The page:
Rice Paper Wrapped Turkee

Rice Paper Wrapped Turkee

Now that you have your Northern Seitan Company Whole Turkee, you might be wondering: how do I prepare it? If so, this recipe and guide is for you.


In order to create a "skin" on your Turkee, we recommend using rice paper. There are a few variables at work here, so you'll want to have them decided before you start the prep process.


The basic variables are:

  1. How will I reheat my Turkee?
  2. What texture(s) do I want the skin to have?
  3. What type of oil and herbs/seasonings will use to brush the skin?


Variable 1: Reheating your Turkee

After you defrost your Turkee, you can reheat it in one of three ways: steaming, baking, or simmering. Each option will take about 20-30 minutes.


But before we get to the options, let's talk about the why. You want to reheat your Turkee before wrapping in rice paper in order to reduce the risk of overcooking the rice paper while your Turkee comes up to its final temperature. It is possible to place the rice paper on the Turkee, cook it at a lower temperature, and then turn the temperature up way up at the end to develop a crispy skin at the last second...but that would take longer than what I'm proposing here.


Back to your reheating options:

  • Steam your Turkee in a large steamer basket or pot for about 20 - 25 minutes. Wrap the Turkee in parchment paper or foil, or both, before steaming.
  • Bake your Turkee in a roasting pan @ 350 degrees for 20 - 30 minutes, with either oil or a little broth on the bottom of the pan to prevent sticking. Cover the pan with foil.
  • Simmer your Turkee in a broth for 20 minutes. This option is tricky as you can compromise the Turkee's integrity if it absorbs too much water. This happens if the water is too hot while simmering (see recipe for further guidance) 

You'll know you're finished reheating when your Turkee has an internal temperature greater than 100 degrees in the middle, but isn't so hot that you can't handle it well. Depending on your cooking equipment, it may finish sooner than the suggested times.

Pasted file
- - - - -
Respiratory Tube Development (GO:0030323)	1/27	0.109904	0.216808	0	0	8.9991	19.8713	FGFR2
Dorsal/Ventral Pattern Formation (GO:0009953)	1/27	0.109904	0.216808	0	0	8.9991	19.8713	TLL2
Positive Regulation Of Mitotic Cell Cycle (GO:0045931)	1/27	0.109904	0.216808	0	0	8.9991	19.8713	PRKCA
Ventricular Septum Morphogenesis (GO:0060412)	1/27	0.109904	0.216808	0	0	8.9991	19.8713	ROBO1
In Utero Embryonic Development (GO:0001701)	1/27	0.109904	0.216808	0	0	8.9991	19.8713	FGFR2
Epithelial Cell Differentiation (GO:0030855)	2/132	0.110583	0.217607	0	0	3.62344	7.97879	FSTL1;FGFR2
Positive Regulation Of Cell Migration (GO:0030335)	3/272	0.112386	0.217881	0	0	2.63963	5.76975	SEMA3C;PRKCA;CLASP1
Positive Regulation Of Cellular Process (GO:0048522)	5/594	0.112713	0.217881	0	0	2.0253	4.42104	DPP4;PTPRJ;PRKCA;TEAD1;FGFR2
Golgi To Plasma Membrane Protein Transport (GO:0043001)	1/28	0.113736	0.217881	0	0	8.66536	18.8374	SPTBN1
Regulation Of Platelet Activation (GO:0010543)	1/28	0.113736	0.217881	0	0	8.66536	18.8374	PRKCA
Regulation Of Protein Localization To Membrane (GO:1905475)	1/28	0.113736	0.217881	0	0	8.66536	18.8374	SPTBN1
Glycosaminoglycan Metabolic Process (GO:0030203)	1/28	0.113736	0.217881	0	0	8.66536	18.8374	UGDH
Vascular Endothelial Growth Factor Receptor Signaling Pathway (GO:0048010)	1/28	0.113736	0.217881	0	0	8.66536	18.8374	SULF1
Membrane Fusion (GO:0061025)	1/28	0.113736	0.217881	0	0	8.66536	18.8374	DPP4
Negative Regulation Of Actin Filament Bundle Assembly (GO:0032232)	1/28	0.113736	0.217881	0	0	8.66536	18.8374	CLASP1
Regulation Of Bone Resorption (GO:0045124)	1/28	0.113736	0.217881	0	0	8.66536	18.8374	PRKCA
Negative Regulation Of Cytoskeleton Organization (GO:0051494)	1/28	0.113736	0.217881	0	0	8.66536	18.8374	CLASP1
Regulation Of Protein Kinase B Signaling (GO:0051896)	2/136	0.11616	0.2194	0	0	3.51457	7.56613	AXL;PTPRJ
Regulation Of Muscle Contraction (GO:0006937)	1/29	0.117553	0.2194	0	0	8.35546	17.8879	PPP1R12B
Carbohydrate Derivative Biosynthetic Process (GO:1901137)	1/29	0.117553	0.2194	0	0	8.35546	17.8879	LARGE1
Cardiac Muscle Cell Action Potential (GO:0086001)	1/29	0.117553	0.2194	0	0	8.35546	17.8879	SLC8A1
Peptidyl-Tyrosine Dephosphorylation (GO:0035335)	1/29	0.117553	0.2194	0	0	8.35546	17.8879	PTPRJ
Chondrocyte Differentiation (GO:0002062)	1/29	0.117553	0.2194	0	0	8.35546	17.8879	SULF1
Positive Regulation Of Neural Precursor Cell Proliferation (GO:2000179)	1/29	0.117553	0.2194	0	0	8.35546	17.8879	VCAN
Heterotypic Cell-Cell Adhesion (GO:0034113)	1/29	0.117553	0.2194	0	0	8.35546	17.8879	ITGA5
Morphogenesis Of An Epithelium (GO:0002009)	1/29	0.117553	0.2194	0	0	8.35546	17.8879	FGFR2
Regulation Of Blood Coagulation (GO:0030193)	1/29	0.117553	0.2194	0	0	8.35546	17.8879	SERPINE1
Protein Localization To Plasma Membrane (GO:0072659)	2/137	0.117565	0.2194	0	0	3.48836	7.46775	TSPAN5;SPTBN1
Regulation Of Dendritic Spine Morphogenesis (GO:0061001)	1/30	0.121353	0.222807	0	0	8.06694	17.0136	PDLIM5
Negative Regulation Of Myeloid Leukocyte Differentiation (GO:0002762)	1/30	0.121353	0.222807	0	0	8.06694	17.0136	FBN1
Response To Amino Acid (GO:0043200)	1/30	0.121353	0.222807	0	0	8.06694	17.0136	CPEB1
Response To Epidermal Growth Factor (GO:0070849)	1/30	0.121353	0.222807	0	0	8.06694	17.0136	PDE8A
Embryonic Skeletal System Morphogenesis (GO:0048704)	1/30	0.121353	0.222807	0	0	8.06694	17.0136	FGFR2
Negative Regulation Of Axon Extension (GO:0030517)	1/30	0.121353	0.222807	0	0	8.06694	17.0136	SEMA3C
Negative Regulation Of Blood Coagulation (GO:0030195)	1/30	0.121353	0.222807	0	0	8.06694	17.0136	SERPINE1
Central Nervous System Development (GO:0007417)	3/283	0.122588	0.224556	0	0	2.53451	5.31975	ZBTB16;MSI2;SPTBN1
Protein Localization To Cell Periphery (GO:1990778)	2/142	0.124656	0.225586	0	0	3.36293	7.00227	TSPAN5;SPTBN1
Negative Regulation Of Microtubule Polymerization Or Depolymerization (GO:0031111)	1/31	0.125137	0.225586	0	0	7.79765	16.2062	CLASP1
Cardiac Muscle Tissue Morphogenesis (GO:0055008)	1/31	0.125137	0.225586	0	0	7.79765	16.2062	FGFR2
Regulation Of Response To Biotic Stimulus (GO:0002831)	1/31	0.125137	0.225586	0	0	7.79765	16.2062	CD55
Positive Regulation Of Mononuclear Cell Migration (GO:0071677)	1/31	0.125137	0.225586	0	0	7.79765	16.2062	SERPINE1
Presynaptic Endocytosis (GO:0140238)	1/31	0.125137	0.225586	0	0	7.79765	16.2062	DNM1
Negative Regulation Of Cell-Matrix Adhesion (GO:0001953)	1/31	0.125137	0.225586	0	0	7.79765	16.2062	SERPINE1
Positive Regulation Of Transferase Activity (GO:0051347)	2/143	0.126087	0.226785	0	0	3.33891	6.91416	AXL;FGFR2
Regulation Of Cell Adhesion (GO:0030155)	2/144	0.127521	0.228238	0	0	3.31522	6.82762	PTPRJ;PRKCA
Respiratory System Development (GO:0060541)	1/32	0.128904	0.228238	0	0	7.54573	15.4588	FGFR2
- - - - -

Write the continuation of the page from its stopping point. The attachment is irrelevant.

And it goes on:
Variable 2: How much rice paper do I use? 

The second variable is how much rice paper you should use. Here are some potential options and their pros and cons:

  • 1 sheet of rice paper on top, 0 on bottom (pictured)
    • Pro: Simple. Will give thinnest finish. Zero worries about removing from pan at end.
    • Con: Could tear or crack, or leave gaps in the skin.
  • 1 sheet of rice paper on top, 1 on bottom 
    • Pro: Full seal gives nicer appearance than above option
    • Con: Complicates the removal process, as bottom rice paper wrapper may become quite moist
  • 2 sheets of rice paper on top, 1 on bottom (my preference)
    • Pro: More attractive due to less tears/cracks. Still retains seal on bottom.
    • Con: When you use multiple sheets of rice paper, you may develop air pockets between the layers that become visible later. The more rice paper you use, the more complicated the process becomes.
  • 3 sheets of rice paper on top, 1 on bottom
    • Pro: Almost guaranteed not to have a tear/crack that makes loaf directly visible. Will have noticeable thick skin layer once finished. Potential different textures for top vs bottom rice paper.
    • Con: Risk of visible air pocket. Top vs. bottom rice paper may develop different textures.

Variable 3: How to season my Turkee?

The third variable is what type of oil and herbs or seasonings you will brush over the rice paper. The main purpose of the oil is to help cook the skin without it drying out. The Turkee is already well-seasoned and simmered in a tasty broth before being frozen, so it will already have some herb flavoring.


With all those considerations, here's the recipe.



  • 1 Northern Seitan Company Whole Turkee, thawed
  • 1 - 4 large (~22-24 cm) rice paper wraps